Disability benefit cut but those who go back to work will get bonus

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The Government will announce the biggest shake-up to benefits for the sick and disabled for 60 years today by removing the financial incentive for people to remain on incapacity benefit.

The Government will announce the biggest shake-up to benefits for the sick and disabled for 60 years today by removing the financial incentive for people to remain on incapacity benefit.

Alan Johnson, the Secretary of State for Work and Pensions, will publish a five-year welfare plan to restrict the level of benefit, which is paid to 2.7 million people at a cost of £6.7 bn a year. For new claimants, the Government will scrap the automatic increases in the level of payments after claimants have been on it for six and 12 months.

Some ministers wanted to cut payments to the less generous level of Jobseeker's Allowance (JSA) for the unemployed or impose a maximum time limit for people to stay on incapacity benefit. But Mr Johnson opposed the idea, winning the backing of Gordon Brown, the Chancellor, for a less draconian approach that will include a £40-a-week bonus for claimants who return to work.

But he has not yet won the support of the Treasury for his "citizen's pension" plan based on residence rather than national insurance contributions, which would lift almost one million pensioners out of poverty.

The scheme, similar to the policy of the Liberal Democrats, would provide significant help for women, only 13 per cent of whom qualify for the full basic state pension. To reduce the £3bn a year bill, the retirement age might be increased. But Mr Brown is wary about the cost and Tony Blair has not yet been convinced.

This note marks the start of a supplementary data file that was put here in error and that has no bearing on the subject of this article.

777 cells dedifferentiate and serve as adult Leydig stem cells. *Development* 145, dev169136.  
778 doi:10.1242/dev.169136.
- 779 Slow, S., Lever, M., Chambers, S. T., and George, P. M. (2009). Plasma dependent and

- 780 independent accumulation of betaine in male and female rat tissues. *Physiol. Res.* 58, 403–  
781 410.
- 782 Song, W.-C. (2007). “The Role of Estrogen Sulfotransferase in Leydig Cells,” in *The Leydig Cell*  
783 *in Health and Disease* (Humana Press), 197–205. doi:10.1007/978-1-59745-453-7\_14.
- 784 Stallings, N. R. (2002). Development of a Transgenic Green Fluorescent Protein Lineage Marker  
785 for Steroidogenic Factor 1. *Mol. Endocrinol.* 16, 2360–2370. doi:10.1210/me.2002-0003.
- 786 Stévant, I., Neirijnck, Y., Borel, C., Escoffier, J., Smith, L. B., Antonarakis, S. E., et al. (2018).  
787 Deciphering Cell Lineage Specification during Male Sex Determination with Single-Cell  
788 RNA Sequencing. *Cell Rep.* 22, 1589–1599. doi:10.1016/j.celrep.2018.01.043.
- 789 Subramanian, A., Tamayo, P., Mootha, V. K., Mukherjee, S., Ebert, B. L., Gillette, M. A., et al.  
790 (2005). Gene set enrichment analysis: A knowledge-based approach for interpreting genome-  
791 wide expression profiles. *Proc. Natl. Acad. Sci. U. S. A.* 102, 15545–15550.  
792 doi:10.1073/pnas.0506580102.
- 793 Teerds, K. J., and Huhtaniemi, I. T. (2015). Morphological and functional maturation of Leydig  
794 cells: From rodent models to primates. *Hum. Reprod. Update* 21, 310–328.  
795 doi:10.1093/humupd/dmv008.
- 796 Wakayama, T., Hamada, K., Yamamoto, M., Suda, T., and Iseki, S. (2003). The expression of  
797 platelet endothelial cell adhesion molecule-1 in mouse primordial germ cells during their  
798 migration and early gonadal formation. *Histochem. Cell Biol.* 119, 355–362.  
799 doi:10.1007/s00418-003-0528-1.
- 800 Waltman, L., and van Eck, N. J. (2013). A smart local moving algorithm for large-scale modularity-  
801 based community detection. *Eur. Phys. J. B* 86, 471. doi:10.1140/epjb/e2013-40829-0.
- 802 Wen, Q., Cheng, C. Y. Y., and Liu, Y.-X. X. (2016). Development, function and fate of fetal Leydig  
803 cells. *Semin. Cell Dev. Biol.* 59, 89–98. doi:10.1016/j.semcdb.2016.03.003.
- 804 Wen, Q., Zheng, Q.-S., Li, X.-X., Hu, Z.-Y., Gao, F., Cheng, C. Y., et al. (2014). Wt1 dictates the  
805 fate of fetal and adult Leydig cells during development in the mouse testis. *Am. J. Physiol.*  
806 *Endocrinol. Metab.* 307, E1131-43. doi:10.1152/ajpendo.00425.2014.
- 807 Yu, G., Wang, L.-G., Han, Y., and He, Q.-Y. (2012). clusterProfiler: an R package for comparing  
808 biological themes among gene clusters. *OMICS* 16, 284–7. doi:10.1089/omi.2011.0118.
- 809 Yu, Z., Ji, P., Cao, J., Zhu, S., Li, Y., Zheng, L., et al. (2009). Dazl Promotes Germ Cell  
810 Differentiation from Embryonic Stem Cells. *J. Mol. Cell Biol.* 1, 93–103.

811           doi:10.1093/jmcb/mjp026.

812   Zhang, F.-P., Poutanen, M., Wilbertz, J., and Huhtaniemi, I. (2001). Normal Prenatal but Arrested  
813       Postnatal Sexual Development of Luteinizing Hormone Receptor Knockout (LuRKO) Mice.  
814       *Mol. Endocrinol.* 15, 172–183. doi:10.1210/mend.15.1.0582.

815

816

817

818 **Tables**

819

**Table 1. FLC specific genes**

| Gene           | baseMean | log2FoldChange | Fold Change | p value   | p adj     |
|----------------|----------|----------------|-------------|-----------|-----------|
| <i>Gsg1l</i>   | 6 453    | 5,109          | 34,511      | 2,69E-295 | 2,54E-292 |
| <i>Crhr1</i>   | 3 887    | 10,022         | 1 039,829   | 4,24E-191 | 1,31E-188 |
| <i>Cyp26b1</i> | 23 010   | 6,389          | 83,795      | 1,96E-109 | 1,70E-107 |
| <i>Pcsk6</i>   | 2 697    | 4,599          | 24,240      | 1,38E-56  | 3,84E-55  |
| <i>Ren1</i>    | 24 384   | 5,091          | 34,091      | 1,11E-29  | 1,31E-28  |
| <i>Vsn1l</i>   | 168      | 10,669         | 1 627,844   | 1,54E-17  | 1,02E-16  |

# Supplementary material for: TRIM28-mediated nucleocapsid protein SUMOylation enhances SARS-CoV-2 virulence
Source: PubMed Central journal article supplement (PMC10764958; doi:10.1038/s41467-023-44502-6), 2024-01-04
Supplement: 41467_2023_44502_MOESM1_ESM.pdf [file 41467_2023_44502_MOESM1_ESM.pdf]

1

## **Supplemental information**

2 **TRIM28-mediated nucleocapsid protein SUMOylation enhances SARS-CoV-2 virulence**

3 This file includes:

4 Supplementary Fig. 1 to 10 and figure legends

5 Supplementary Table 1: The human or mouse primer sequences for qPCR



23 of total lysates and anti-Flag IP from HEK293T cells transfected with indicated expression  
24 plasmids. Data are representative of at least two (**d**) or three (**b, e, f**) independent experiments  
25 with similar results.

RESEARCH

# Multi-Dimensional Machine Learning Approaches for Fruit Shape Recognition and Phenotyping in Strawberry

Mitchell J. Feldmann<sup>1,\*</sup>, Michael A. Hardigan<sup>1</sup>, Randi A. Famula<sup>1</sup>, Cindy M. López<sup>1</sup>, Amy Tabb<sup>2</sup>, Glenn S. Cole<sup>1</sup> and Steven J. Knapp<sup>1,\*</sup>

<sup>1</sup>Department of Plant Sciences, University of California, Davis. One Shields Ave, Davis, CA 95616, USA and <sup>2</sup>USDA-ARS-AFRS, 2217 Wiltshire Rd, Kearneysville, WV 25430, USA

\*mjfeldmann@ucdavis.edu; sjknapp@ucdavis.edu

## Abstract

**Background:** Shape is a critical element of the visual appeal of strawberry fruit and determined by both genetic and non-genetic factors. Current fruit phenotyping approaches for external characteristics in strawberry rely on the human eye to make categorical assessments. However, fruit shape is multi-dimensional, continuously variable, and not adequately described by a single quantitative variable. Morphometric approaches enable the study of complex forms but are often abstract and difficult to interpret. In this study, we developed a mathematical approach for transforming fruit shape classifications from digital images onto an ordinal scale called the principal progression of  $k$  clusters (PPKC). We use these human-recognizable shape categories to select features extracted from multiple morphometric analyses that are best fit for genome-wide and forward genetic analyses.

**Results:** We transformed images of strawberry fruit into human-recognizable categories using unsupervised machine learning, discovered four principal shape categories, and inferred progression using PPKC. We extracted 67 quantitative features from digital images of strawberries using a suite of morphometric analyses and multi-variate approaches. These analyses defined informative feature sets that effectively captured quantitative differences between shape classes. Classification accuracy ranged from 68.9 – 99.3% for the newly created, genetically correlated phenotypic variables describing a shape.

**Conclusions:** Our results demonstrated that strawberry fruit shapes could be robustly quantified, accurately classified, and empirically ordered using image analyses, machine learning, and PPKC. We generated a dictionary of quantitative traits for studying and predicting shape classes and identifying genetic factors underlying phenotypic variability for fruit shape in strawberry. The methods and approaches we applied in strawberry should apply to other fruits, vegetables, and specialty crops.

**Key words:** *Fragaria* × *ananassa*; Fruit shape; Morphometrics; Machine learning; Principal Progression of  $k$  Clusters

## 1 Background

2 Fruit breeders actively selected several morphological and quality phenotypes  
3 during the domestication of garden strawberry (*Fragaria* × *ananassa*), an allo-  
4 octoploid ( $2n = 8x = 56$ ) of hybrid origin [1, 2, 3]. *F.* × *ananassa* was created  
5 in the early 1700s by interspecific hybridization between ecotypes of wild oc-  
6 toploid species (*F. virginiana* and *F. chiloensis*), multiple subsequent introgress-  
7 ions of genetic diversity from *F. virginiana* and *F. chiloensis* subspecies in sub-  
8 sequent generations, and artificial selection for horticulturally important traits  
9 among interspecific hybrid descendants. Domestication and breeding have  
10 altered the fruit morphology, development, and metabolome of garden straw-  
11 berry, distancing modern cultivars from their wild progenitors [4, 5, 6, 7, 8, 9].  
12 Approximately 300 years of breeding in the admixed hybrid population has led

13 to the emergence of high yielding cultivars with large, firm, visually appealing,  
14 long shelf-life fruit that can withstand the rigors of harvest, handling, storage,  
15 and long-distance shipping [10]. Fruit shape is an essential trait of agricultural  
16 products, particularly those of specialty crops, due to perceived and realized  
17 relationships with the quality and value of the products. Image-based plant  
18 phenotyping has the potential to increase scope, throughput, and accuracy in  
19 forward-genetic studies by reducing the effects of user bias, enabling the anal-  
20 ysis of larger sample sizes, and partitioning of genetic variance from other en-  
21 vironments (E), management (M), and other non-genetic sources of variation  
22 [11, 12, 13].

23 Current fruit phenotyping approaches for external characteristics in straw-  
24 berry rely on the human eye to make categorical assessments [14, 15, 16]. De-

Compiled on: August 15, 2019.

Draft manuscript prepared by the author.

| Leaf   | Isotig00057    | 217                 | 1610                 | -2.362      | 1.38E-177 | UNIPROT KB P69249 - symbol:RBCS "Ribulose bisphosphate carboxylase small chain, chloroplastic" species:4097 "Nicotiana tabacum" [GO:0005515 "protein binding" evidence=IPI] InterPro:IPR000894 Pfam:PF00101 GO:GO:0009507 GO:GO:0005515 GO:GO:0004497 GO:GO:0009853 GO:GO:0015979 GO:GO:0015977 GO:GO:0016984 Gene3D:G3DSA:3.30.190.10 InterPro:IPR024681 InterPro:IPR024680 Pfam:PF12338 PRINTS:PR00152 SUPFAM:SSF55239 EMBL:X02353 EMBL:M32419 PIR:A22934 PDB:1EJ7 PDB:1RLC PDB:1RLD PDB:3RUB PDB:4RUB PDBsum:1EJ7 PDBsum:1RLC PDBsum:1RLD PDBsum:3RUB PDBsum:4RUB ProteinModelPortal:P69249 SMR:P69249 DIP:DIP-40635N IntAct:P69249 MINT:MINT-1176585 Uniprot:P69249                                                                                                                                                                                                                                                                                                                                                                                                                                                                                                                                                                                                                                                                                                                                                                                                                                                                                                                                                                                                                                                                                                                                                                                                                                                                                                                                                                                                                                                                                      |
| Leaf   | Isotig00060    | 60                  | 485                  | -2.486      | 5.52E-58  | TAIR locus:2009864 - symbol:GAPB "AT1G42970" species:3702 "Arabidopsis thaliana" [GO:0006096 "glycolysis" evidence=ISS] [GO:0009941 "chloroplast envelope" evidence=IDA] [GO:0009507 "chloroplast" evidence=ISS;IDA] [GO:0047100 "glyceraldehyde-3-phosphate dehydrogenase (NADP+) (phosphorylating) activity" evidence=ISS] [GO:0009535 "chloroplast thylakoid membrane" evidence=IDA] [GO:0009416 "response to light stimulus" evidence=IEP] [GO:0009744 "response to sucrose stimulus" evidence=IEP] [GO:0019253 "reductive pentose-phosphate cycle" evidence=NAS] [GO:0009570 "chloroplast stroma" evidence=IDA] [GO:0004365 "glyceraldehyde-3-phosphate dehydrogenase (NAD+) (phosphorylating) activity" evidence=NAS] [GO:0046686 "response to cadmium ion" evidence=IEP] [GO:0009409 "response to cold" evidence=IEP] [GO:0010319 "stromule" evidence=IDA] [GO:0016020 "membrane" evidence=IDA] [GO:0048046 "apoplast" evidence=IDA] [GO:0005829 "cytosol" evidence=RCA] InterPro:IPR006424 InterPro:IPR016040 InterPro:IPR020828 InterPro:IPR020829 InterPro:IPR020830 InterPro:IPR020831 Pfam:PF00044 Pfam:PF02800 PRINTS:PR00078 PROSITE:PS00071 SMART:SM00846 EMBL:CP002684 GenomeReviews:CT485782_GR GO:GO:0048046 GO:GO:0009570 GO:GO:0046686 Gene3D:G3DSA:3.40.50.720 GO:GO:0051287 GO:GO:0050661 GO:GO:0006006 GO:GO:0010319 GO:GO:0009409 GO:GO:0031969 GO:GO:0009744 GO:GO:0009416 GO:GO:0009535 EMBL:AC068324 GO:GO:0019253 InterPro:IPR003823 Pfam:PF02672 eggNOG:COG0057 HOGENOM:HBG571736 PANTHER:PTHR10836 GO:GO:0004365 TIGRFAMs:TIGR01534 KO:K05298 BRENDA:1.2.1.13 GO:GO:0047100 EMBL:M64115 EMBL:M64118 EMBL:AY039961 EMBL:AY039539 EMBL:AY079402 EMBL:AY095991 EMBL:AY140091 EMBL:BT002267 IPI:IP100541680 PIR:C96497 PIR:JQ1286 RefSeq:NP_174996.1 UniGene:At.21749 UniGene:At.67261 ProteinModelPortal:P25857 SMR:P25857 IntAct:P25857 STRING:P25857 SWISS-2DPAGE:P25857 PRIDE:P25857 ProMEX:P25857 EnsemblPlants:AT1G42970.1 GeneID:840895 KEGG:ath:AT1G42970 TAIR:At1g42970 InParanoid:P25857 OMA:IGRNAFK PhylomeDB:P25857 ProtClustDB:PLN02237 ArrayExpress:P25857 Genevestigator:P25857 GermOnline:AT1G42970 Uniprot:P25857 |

Mr Johnson will not mention the idea in today's blueprint but is battling for the Cabinet's approval to include it in a "statement of intent" on pensions to be issued before the general election. But Downing Street and the Treasury want to delay decisions on Britain's "pensions timebomb" until a commission chaired by Adair Turner issues its final report this autumn.

Mr Blair said it was a "perverse disincentive" that the scheme rewarded long-term claimants. "At the moment, these rules penalise those who want to manage their condition and return to work," he said.

He said the three key elements in today's proposals would be reforming rules which pay claimants more the longer they are on benefit; providing more support for the most severely sick and disabled and encouraging claimants who engage in rehabilitation and training; and ensuring that nobody was "written off" while expecting everyone to "fulfil their responsibilities" to work if they are able to do so. "Those who play by the rules get the help. Those who don't play by the rules should start playing by the rules," Mr Blair said.

Steve Webb, the Liberal Democrats' welfare spokesman, said: "Seven years ago, ministers were saying exactly the same things. Disability has shades of grey, but the current system is black and white. We need a system that fits people the other way round."

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